The Silence Breakers – Breaking the Silence by Elsamarie DSilva
For most of history, “anonymous” was a woman. In recent years, this also has been the case for many accounts of sexual harassment and abuse. There is a lot of shame and blame when women speak out, so when they decide to do so, it can be easier to do it anonymously.
As a gender rights activist who works to encourage women to share their stories, it is a thrill to see Time’s Person of the Year named as The Silence Breakers to recognize the courage of the brave women who have come forward and shared their personal stories of sexual harassment in the workplace by powerful men.
It started in October with actress Alyssa Milano inviting women to share their experiences of sexual harassment on social media using the hashtag #MeToo, a hashtag first used by Tarana Burke over 10 years ago. While this was not the first time a hashtag has been used in this way, surprisingly, this time, the campaign really took off.
#MeToo kicked off a chain reaction with tens of thousands of women naming the men who had abused their power and taken advantage of the women’s vulnerabilities at the workplace. This in turn forced organisations to act — dropping the men from their management or boards or getting them to resign.
Now women everywhere feel that they have a voice and that their stories can result in accountability being taken.
The question is why has it taken this long?
Though sexual violence is a global pandemic, most women and girls are afraid to share their stories and this results in the “invisibility” of the issue where the official statistics do not reflect the true nature and size of the problem. In many social contexts, women and girls feel the pressure to stay silent, lest they bring shame upon themselves and their families or there is fear in the police’s insensitive behaviour and the lengthy judicial process. This is one kind of crime, where the onus is on the victim to provide proof of “good behaviour” and often relive her experience justifying her actions, whilst the perpetrator gets away scot-free.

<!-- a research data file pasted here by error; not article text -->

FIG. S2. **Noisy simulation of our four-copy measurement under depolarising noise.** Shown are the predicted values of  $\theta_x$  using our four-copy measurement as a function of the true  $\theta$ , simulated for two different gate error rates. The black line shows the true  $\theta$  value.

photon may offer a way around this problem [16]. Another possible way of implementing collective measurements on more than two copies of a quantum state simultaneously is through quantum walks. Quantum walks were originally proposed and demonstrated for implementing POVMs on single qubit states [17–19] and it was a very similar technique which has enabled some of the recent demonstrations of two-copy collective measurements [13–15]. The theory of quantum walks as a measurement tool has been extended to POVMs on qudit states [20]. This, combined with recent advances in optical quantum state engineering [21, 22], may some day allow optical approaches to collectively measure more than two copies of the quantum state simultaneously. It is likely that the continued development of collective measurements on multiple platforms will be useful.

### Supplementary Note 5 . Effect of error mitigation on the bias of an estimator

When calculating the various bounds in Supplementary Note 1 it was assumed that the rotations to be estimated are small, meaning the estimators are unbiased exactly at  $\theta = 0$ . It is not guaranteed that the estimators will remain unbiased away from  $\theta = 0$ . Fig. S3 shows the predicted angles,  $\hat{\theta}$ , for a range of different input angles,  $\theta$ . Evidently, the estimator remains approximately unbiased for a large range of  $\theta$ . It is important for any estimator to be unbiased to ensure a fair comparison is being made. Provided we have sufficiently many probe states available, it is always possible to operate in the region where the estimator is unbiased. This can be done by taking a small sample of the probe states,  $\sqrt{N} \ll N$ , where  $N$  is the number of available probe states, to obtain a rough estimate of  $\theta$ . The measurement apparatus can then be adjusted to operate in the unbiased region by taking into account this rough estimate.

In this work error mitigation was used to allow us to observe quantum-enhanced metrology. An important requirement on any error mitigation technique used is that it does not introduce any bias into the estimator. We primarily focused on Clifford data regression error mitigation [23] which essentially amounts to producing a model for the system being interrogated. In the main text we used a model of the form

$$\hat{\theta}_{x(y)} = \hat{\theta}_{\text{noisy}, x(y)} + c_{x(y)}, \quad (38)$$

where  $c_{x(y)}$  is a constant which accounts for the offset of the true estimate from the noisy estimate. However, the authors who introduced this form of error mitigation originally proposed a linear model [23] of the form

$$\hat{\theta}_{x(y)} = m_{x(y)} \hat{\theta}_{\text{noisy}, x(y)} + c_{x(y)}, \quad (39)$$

But not anymore.
Now the tide has turned and as it becomes more acceptable to do so, more women are demanding accountability for men’s misuse of power and positions. It is as though a movement of sisterhood is spreading around the world, where it is no longer a single voice or a single story.
And men are speaking up about it too. I was also heartened by Billy Bush’s op-ed in the New York Times clearly voicing his support for the women who have accused US President Donald Trump of sexual harassment.
We need more men to acknowledge that it is a crime, call out their male friends when they witness it happening and openly offer support to the women and girls experiencing it
Organisations also have a role to play. They can help by ensuring their work cultures are not disrespectful, discriminatory or hostile to women and other minorities; creating transparent policies that are inclusive and safe; and treating people equally. When this occurs, we can hope that more women can truly feel comfortable to achieve their true potential.
The silence is difficult to break but it must be broken to disrupt the status quo. Thank you, Time for taking the lead in acknowledging bravery it takes to speak out.